Date of Award

5-2009

Document Type

Dissertation

Degree Name

Doctor of Philosophy (PhD)

Legacy Department

Chemical Engineering

Advisor

Husson, Scott M.

Committee Member

Hirt , Douglas

Committee Member

Kitchens , Christopher

Committee Member

Luzinov , Igor

Abstract

This dissertation focuses on the fabrication of uniform polymer nanolayers using surface-initiated polymerization. The kinetics of low temperature surface-initiated atom transfer radical polymerization (ATRP) is discussed in detail. The work is then extended to the surface modification of polymeric membranes to tune the physical and chemical properties of the membranes for gas separations. I discuss how atom transfer radical polymerization might be advantageous compared to some of the techniques that have been proposed in the literature for preparing polymeric membranes for CO2 separation.
The first part of this dissertation describes the synthesis of polystyrene (PS) nanolayers by surface-initiated ATRP at low temperatures. Relative to prior work, thick PS brushes were grown from initiator-functionalized layers of poly(glycidyl methacrylate) on silicon, and layer thickness evolution was measured by ellipsometry. Constant growth rates provided indirect evidence that the polymerizations were controlled. A detailed kinetic study was done for surface-initiated ATRP of styrene at 60 °C. An unexpected shift was observed in the reaction order (from first to zero order) with respect to the monomer concentration. A reaction mechanism is proposed for this change in rate order.
The second part of the dissertation focuses on the growth of uniform poly(ionic liquid) (PIL) nanolayers using surface-initiated ATRP. Surface-tethered polymer brushes with variable layer thicknesses were fabricated from silicon substrates and growth kinetics of the nanolayers were characterized.
The methodology that was developed in the silicon substrate work was then extended to modification of commercially available regenerate cellulose membranes for CO2 separation studies. I report a solution to the leaking problem of supported ionic liquid membranes that have been used at the lab scale for CO2 separation and also address the need for high selectivity, high flux membranes for CO2 capture. Using surface-initiated ATRP to graft PIL nanolayers from the surfaces of commercial membrane supports is advantageous because the PIL nanolayer is attached to the membrane surface covalently. Therefore, there is no concern for leakage from the support. Relative to PIL membranes prepared by solvent casting, the composite membranes that I prepared offer an ultrathin selective layer, with uniform coverage ensured by the ATRP process. A nanothin selective layer offers advantages in terms of improving the CO2 flux through the membrane.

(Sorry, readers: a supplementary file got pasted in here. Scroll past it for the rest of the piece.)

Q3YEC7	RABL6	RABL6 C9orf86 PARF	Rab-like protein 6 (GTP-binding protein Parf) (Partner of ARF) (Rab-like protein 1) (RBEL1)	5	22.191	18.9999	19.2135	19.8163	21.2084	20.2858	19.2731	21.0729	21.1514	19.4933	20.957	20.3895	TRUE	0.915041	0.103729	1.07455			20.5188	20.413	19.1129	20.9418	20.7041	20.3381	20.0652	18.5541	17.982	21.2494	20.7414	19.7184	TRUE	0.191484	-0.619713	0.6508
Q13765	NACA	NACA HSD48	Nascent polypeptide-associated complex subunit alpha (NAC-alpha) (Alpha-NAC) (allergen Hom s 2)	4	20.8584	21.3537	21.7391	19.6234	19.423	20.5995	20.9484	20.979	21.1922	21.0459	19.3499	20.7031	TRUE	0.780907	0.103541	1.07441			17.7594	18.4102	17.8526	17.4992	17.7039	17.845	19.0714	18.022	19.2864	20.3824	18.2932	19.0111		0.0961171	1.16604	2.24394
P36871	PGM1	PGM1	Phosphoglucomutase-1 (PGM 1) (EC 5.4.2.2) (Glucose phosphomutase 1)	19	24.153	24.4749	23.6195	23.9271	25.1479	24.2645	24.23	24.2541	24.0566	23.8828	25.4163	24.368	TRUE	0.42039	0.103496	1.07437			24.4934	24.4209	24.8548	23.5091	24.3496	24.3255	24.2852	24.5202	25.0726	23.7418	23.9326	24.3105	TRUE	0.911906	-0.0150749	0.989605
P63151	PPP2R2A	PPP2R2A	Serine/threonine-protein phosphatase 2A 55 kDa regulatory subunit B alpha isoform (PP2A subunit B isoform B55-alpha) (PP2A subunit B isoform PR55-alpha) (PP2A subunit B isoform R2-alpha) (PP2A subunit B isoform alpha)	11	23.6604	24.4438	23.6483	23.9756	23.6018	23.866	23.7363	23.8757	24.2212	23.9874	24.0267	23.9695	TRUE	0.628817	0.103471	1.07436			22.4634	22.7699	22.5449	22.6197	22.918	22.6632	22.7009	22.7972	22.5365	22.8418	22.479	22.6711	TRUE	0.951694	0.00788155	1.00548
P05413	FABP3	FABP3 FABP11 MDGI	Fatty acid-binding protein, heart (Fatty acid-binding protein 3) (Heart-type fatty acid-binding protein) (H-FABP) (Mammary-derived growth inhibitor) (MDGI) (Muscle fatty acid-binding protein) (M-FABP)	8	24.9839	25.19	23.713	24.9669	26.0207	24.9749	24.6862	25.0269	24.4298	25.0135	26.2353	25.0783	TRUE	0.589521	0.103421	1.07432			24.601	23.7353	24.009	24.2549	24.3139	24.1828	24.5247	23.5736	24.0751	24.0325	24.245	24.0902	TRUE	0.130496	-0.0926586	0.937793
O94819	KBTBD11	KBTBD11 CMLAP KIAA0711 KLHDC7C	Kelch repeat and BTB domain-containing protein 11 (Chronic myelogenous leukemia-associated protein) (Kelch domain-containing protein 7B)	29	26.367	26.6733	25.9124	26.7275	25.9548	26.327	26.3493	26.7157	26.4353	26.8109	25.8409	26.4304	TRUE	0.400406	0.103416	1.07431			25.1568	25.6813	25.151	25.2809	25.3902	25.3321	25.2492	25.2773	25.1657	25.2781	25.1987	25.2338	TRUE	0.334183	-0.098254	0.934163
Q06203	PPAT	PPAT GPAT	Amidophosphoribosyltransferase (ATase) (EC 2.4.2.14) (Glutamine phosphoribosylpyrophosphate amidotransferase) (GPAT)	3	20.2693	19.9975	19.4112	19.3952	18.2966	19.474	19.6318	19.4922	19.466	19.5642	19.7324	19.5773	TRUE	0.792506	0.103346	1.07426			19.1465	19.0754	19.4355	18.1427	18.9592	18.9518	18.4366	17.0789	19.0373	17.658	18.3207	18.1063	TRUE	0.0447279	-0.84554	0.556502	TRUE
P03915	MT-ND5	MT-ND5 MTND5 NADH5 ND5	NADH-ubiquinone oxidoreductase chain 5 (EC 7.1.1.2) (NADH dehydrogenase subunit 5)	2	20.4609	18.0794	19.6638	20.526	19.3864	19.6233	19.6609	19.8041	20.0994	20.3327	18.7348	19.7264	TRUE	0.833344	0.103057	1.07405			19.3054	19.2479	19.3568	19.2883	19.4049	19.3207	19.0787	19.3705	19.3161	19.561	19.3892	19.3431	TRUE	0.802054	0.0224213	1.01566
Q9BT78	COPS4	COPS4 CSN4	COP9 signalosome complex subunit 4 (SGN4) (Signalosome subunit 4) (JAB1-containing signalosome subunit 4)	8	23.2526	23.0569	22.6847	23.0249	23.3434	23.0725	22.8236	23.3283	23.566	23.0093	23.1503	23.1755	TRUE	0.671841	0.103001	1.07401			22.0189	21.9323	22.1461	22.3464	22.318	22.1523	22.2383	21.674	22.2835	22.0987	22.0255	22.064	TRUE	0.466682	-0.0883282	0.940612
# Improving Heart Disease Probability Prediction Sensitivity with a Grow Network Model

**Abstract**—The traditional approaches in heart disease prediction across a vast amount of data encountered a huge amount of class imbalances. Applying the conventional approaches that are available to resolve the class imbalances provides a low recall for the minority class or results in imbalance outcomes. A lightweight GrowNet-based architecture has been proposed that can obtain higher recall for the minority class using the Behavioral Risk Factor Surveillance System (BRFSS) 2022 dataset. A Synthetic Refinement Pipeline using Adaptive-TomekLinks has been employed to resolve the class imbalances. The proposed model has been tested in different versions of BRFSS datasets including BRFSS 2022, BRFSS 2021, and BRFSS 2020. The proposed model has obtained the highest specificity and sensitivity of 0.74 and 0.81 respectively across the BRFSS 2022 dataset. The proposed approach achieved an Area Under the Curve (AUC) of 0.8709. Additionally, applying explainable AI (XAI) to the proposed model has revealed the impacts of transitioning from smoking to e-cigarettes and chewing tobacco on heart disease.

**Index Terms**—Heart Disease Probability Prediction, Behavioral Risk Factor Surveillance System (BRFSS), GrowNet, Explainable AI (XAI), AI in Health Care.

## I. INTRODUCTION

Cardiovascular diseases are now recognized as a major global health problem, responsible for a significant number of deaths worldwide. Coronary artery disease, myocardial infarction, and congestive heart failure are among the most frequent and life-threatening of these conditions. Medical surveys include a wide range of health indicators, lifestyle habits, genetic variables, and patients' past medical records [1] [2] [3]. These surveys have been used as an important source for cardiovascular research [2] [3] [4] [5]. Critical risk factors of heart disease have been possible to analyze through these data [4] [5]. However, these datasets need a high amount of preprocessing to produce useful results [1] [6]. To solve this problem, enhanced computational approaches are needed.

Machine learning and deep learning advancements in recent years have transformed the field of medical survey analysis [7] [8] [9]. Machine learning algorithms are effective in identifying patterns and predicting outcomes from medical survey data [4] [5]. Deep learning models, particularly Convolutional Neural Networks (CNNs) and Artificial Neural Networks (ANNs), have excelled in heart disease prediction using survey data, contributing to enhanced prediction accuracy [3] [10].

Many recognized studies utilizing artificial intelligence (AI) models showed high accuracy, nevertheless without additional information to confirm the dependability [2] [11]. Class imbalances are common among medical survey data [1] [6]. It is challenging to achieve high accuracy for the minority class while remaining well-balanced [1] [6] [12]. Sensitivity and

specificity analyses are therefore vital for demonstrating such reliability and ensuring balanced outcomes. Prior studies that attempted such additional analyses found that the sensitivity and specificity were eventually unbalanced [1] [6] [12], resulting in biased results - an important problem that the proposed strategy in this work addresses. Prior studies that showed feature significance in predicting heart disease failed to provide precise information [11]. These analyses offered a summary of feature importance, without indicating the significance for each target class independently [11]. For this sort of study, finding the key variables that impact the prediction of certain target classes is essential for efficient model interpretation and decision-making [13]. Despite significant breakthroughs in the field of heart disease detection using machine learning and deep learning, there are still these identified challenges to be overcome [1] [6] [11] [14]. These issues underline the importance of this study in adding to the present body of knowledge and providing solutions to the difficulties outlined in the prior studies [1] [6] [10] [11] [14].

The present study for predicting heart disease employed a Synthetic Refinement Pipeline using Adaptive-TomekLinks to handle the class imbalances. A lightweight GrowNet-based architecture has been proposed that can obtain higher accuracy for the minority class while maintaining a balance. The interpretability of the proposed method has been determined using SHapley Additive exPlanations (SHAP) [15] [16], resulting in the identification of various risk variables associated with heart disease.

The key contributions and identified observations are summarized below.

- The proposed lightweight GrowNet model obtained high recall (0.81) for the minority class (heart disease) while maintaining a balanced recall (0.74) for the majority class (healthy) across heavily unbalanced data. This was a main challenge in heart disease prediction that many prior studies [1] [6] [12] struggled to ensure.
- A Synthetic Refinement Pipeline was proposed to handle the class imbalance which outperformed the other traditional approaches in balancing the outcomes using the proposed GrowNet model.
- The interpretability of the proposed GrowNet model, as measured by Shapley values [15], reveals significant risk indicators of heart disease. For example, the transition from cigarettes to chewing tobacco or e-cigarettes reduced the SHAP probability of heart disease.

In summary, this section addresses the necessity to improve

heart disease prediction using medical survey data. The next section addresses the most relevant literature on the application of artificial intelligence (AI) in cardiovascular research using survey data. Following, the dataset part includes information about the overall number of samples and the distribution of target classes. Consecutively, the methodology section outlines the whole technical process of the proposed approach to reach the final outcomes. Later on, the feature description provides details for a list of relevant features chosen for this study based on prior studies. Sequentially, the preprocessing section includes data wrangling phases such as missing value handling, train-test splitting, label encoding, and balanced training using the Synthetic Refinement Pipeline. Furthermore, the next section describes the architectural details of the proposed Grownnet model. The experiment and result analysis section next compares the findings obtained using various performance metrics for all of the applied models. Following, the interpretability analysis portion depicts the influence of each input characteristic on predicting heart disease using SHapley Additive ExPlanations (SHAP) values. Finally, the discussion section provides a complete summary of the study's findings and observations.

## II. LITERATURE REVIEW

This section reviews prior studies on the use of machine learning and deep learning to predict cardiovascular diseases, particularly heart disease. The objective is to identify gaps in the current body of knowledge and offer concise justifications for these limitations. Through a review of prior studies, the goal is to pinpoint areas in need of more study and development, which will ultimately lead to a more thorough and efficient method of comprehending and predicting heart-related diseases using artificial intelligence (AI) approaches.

Pure-component CO2 and N2 permeabilities were measured for unmodified and modified membranes. Covering the outer surface of the membrane with PGMA seems to improve the membrane integrity during permeation measurements, but has resulted in low permeability membranes, likely due to pore clogging.

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